The Danish Girl review: a marriage in transformation
Eddie Redmayne plays the pioneering transgender painter Einar ‘Lili’ Wegener in this interesting if overly tame biopic from the director of ‘The King’s Speech’
Film Title: The Danish Girl
Director: Tom Hooper
Starring: Eddie Redmayne, Alicia Vikander, Matthias Schoenaerts, Ben Whishaw, Sebastian Koch, Amber Heard
Running Time: 120 min
In the 1920s, Danish landscape painter Einar Wegener (Eddie Redmayne) became the first- known person to undergo sexual reassignment. In truth, as Tom Hooper’s biographical portrait records, Einar’s transformation into Lili began long before the surgical intervention.
In The Danish Girl, the metamorphosis begins with a no-show. Einar’s devoted wife, the fashion illustrator Gerda Wegener (Alicia Vikander) asks her husband to stand in for a female model. She names him “Lili”. Wouldn’t it be a hoot, Gerda suggests, if Lili attended an upcoming ball?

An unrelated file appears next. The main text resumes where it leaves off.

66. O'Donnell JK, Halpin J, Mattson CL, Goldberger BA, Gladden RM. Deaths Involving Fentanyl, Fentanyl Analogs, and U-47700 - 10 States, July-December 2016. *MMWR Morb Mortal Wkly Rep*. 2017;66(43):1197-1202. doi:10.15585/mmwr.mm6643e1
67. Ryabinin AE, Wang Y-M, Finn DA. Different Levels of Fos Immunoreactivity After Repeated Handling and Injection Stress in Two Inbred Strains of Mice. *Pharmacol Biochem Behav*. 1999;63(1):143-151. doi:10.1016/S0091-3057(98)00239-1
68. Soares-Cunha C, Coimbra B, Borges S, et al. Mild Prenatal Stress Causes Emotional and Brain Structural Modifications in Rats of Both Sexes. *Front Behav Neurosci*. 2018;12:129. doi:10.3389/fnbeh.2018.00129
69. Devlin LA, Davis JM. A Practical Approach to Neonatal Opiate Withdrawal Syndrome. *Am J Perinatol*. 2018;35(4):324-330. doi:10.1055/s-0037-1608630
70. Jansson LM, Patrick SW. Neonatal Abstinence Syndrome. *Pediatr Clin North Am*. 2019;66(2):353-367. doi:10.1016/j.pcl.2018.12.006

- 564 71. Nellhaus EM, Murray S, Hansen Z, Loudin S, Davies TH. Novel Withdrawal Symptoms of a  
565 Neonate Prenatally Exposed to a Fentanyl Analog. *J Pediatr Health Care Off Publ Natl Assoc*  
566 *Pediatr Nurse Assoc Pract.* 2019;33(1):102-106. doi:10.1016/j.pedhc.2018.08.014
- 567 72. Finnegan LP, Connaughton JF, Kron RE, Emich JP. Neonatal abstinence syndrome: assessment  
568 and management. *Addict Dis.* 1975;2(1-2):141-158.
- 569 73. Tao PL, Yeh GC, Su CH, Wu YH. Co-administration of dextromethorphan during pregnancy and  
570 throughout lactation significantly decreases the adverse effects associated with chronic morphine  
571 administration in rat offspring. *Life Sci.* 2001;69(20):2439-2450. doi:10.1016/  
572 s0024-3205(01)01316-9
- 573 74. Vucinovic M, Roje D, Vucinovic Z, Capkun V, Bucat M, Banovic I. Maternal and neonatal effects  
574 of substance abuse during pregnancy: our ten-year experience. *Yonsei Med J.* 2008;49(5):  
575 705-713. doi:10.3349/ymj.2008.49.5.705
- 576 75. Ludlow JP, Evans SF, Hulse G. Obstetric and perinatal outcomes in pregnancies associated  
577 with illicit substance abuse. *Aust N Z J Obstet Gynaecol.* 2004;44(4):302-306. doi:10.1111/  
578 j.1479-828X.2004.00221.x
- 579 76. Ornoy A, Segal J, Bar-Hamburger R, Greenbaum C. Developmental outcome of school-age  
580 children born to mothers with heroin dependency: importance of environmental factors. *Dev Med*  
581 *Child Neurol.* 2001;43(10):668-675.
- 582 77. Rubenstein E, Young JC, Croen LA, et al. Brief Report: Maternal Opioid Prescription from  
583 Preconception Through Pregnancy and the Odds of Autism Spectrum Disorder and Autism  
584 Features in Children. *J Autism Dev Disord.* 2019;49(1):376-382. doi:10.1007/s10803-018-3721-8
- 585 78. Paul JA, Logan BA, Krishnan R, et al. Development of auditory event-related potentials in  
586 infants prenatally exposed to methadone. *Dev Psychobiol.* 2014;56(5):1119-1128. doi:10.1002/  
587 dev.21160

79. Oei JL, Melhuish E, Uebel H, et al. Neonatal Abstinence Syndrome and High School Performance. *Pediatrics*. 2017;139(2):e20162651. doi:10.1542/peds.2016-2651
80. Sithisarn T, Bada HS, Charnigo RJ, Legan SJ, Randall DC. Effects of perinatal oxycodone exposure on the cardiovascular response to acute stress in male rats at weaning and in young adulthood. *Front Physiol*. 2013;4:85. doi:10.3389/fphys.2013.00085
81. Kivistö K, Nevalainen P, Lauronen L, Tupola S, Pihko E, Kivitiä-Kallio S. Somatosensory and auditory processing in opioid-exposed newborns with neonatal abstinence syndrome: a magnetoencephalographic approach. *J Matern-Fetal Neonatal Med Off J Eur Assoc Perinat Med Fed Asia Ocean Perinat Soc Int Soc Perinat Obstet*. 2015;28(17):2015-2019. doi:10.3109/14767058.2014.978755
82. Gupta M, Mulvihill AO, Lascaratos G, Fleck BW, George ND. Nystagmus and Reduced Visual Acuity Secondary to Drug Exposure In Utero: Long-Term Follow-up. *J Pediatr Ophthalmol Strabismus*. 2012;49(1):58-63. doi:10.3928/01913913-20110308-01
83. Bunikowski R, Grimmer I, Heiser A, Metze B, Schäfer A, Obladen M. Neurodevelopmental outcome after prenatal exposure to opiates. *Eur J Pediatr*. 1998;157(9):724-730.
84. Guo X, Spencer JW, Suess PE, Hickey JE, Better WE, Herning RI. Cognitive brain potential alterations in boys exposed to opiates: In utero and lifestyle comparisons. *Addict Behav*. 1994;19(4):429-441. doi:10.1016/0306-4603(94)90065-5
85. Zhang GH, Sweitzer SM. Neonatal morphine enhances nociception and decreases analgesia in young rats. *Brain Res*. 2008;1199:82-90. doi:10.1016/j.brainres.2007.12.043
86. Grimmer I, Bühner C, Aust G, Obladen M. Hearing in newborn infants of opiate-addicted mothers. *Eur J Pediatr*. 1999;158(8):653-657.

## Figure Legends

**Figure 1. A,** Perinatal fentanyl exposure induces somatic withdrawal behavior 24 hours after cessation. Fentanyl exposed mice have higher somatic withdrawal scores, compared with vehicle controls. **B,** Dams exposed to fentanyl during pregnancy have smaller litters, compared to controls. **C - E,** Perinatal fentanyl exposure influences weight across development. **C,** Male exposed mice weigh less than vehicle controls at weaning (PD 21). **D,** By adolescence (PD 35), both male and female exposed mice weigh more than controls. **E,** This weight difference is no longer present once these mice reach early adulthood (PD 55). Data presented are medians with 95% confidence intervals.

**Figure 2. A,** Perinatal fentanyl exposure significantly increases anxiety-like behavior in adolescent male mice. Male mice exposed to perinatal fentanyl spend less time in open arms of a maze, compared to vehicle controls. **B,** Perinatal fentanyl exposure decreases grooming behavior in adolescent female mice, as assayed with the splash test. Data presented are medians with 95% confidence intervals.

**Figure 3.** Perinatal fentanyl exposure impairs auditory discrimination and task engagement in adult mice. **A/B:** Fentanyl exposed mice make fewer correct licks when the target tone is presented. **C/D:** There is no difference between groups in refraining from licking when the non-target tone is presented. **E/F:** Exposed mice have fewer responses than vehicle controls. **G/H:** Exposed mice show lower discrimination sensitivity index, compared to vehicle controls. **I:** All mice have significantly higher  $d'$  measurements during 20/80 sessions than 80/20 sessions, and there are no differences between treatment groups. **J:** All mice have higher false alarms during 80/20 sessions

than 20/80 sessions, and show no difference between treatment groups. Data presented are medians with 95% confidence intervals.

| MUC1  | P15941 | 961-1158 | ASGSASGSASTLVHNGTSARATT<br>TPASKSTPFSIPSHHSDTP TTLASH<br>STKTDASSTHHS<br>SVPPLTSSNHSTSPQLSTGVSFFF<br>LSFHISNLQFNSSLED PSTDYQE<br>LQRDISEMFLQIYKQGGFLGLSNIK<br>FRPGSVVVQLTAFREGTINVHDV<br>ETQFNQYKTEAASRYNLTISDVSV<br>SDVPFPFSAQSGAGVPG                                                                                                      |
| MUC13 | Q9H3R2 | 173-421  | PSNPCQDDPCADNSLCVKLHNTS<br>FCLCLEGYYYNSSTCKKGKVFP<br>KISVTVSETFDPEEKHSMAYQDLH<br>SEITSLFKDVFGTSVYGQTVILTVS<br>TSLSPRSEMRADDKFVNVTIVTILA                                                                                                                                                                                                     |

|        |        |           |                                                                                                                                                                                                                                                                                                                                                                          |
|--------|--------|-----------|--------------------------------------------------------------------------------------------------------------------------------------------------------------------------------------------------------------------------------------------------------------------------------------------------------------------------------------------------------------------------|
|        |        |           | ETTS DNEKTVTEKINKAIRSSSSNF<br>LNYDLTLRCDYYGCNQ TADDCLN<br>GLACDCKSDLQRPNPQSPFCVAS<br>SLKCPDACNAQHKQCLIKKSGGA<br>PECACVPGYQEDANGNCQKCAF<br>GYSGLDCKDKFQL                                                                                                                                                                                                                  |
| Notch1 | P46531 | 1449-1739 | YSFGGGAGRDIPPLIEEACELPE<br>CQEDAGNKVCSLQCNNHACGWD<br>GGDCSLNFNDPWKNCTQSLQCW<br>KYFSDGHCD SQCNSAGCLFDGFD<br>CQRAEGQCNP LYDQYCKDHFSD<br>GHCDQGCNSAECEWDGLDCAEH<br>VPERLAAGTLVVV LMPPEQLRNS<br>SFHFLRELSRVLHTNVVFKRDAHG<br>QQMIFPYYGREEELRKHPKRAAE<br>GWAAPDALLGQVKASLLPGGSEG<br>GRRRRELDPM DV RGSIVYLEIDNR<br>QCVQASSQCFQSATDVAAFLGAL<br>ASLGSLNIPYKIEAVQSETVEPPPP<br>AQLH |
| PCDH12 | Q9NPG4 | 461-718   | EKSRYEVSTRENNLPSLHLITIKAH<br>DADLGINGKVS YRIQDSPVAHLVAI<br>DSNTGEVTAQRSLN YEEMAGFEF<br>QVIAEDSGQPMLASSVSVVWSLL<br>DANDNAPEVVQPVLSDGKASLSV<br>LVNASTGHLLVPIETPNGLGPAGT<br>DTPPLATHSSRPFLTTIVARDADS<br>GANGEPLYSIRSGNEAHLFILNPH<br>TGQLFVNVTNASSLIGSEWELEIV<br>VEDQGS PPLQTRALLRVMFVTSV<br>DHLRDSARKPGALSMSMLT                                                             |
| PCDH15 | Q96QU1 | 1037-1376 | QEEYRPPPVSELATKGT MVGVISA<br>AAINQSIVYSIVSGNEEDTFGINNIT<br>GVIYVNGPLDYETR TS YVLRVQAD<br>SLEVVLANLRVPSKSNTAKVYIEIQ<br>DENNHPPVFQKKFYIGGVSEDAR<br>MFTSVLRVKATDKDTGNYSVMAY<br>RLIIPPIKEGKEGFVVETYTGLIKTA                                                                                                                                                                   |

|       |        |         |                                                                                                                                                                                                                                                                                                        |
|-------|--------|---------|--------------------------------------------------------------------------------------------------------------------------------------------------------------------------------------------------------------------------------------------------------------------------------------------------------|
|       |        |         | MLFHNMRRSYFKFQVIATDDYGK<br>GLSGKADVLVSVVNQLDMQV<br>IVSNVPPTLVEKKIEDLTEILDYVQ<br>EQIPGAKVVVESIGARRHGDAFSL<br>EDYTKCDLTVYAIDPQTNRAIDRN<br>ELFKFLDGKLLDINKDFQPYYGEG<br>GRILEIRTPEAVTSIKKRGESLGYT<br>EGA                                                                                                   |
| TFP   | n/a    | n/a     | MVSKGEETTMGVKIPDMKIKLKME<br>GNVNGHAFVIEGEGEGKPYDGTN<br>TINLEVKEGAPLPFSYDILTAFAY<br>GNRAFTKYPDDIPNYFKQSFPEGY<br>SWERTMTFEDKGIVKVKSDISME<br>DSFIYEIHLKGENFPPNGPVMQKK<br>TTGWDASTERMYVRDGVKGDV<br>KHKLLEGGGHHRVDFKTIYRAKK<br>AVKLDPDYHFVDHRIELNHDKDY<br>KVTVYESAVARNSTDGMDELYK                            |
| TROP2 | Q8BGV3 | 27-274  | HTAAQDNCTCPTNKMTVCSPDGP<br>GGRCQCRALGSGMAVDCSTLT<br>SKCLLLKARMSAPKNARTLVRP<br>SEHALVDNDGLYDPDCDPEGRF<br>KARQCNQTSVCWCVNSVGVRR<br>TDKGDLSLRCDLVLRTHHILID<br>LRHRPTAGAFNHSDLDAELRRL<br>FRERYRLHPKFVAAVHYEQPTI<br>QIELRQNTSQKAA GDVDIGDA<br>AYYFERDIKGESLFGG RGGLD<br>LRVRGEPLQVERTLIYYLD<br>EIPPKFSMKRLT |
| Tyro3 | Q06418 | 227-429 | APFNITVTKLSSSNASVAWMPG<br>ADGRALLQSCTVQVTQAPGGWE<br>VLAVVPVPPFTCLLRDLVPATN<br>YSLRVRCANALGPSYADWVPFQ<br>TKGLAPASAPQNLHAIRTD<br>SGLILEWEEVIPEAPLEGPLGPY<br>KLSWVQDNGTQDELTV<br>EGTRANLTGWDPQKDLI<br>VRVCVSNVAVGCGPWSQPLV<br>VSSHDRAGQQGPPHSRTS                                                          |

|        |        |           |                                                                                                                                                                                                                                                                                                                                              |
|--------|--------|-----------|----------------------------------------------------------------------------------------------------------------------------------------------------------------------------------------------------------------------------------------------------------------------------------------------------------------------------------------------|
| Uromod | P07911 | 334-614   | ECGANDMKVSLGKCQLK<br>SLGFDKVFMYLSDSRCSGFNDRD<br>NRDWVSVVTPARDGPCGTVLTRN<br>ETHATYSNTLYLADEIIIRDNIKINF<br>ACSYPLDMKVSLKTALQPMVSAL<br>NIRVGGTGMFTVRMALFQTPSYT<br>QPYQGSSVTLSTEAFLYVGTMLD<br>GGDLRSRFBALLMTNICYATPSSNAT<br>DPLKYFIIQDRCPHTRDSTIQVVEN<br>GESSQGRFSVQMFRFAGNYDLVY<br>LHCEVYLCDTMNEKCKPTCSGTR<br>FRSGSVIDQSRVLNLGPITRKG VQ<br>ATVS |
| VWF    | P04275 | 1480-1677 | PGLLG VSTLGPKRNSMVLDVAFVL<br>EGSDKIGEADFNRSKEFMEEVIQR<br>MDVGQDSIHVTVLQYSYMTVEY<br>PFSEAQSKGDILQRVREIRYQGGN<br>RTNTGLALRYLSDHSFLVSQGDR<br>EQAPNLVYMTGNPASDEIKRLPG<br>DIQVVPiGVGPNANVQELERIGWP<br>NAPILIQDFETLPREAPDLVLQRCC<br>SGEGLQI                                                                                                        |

As it happens, the function is not fun for Gerda or Einar in drag. It does, however, bring about a realisation for both the viewer and the titular heroine in the making: Lili isn’t simply a byproduct of cross-dressing; she is, rather, Einar’s true self.
Throughout this transformation, Gerda remains steadfast, loyal and long-suffering, the kind of wife normally found in country-western ballads: Stand by Your Man, Even When He’s Not One. So Vikander’s performance accordingly shifts in synch with Redmayne’s feminisation.
In early scenes, Gerda is playful and coquettish: “It’s hard for a man to be looked at by a woman,” she purrs at a sitting subject. “It’s hard to submit, although there is some pleasure in it once you yield.” She doesn’t quite add: “Oh, my”.
Later, though, she’s mostly weeping. Redmayne, too, mostly weeps. Emoting isn’t an issue for either player but it does, eventually, make for samey viewing.
It’s commendable that Hooper (The King’s Speech) has brought Einar Wegener to a multiplex near you: the trans- gendered have been marginalised or neglected by history for too long. But this restrained, elegant drama seems at odds with its pioneering subject.
Trans films need to be big and bold in the manner of Xavier Dolan’s epic Laurence Anyways, or transgressive in the style of Andy Warhol’s Trash, or tragic in the fashion of Rainer Werner Fassbinder’s In a Year of 13 Moons.
Instead, The Danish Girl feels a little like gazing at Einar’s chilly, dull, strangely claustrophobic landscapes.
It’s pretty, but one would rather spend the time with the trash-talking gals from Tangerine.